In 1561, the Liberty of Bruges, the largest and richest castellany in the county of Flanders, commissioned Pieter Pourbus to paint a map of its entire territory, including all the roads, watercourses, villages and towns. Ten years later, the artist-cartographer delivered his completed magnum opus to his patrons.
A new exhibition gives you the opportunity to make your acquaintance with ‘The painted map of the Liberty of Bruges’ (1571). A work that straddles the boundary between art and cartography, Pourbus’ detailed map depicts the harbour landscape of Bruges at the end of the 16th century in a unique manner. The work was made at a crucial turning-point in history, immediately prior to the start of the Eighty Years’ War and before later industrialisation would change the configuration of the coastal landscape forever. As a result, the Pourbus map is one of the last invaluable testimonies to the medieval landscape that once surrounded Bruges. At the same time, its skilled combination of scale, dimensions and details makes it a technical masterpiece of the very highest quality.
In the exhibition ‘Pieter Pourbus. Master of Maps’, the painted map occupies the central position, both literally and figuratively. With the aid of a number of remarkable landscape-archaeological finds and the use of magnifying glasses and digital screens, this unique map and the lost medieval landscape it depicts will be brought back to life. What did the countryside around Bruges look like at the end of the 16th century? And what remnants of that period can still be found today?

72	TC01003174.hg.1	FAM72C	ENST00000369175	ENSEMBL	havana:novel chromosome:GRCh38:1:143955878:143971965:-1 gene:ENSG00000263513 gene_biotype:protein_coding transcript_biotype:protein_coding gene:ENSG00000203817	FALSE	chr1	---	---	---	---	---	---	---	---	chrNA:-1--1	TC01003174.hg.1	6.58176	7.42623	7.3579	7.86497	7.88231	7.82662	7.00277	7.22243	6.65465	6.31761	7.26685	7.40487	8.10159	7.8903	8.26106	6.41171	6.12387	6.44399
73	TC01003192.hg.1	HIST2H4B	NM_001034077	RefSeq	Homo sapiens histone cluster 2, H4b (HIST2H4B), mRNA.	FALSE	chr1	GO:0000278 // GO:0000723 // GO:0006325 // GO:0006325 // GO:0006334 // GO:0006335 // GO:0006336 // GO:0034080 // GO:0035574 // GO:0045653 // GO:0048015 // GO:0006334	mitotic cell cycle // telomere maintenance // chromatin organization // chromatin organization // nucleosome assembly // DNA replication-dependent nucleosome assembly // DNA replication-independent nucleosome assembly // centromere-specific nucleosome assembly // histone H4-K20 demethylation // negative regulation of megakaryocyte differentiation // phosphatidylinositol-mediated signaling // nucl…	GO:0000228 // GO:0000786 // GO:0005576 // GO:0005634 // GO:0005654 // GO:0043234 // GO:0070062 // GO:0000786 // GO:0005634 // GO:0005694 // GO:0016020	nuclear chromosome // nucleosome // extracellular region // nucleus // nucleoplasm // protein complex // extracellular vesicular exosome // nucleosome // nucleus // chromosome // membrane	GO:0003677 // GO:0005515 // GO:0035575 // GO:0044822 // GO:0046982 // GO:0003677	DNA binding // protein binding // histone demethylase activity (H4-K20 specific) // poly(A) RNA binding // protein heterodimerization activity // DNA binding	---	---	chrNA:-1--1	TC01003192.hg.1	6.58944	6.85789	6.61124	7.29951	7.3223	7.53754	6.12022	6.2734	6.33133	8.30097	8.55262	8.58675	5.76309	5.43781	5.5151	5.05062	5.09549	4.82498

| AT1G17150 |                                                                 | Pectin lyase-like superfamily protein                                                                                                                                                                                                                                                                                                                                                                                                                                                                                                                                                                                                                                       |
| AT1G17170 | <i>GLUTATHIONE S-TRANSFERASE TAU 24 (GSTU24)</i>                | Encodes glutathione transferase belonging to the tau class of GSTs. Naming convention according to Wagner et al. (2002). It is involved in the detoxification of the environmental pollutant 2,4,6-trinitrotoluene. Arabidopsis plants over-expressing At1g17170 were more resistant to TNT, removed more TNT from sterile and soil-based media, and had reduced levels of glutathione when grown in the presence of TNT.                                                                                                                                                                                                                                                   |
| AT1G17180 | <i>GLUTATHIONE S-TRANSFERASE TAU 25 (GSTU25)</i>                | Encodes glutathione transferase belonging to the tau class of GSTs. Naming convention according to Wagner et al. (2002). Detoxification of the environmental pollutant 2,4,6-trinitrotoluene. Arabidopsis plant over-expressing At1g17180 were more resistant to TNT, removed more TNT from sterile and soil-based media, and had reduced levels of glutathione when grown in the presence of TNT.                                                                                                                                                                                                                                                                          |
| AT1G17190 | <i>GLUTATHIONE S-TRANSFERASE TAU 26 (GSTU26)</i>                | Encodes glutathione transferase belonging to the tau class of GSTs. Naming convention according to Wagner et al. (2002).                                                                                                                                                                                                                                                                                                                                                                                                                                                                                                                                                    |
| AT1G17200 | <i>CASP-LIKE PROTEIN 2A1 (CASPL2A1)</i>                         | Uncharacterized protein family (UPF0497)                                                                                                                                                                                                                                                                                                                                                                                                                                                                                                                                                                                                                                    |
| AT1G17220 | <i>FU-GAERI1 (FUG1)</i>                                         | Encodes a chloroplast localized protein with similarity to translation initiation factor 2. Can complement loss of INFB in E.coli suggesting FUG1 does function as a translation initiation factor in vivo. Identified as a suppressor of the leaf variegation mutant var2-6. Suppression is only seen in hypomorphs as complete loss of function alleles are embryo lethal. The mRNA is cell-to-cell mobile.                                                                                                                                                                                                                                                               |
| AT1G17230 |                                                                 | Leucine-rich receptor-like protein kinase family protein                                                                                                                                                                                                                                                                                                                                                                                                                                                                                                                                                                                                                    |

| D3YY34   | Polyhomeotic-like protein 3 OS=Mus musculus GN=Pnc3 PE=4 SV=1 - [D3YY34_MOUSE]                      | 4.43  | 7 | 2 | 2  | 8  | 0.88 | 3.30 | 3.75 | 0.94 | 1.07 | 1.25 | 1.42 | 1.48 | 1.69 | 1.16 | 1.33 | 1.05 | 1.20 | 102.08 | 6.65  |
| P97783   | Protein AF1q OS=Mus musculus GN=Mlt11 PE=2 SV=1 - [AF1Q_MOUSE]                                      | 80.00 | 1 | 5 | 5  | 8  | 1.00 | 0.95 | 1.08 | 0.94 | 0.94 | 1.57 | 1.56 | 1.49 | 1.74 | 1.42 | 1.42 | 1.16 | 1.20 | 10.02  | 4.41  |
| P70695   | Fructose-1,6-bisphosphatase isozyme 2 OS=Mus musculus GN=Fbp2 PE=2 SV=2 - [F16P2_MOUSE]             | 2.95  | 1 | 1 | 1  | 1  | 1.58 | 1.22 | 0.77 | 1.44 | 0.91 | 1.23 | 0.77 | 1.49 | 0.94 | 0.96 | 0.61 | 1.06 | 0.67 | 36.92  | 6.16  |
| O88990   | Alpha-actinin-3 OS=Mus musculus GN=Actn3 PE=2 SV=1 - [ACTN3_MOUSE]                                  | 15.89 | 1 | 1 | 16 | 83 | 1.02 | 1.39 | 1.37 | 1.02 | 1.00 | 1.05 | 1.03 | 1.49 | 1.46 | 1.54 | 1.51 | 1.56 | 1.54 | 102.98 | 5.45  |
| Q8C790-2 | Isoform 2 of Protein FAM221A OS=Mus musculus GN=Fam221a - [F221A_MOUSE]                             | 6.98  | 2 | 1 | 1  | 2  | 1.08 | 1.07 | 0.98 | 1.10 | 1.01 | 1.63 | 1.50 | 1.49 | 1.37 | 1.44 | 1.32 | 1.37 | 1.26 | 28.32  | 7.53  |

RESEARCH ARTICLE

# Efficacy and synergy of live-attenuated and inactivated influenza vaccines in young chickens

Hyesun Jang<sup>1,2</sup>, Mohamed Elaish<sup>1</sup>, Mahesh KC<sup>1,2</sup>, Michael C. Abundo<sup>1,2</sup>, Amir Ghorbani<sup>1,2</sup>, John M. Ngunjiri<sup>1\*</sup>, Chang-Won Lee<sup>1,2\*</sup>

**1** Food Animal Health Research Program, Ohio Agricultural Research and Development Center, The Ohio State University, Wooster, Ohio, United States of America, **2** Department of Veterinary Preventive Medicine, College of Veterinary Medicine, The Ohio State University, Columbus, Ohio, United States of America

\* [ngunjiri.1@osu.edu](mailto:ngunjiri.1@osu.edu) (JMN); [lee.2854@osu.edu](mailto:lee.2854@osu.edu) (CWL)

Although the painted map has often been used for illustrative purposes, its topographical content has scarcely been investigated. ‘Pieter Pourbus. Master of Maps’ focuses the spotlight on the cartographic work of the painter – who is nowadays better known for his portraits – and for the very first time takes a detailed look at the more non-artistic aspects of ‘The painted map of the Liberty of Bruges’. The exhibition is an extension of the post-graduate research carried out at the University of Ghent by Jan Trachet and analyses the map from a landscape-historical and archaeological perspective.
In addition to the central focus on the map itself, the exhibition also reconstructs the historical and cultural context in which it was made: Bruges as a cartographic crossroads, the Liberty of Bruges as a patron of the arts and Pourbus as a cartographer.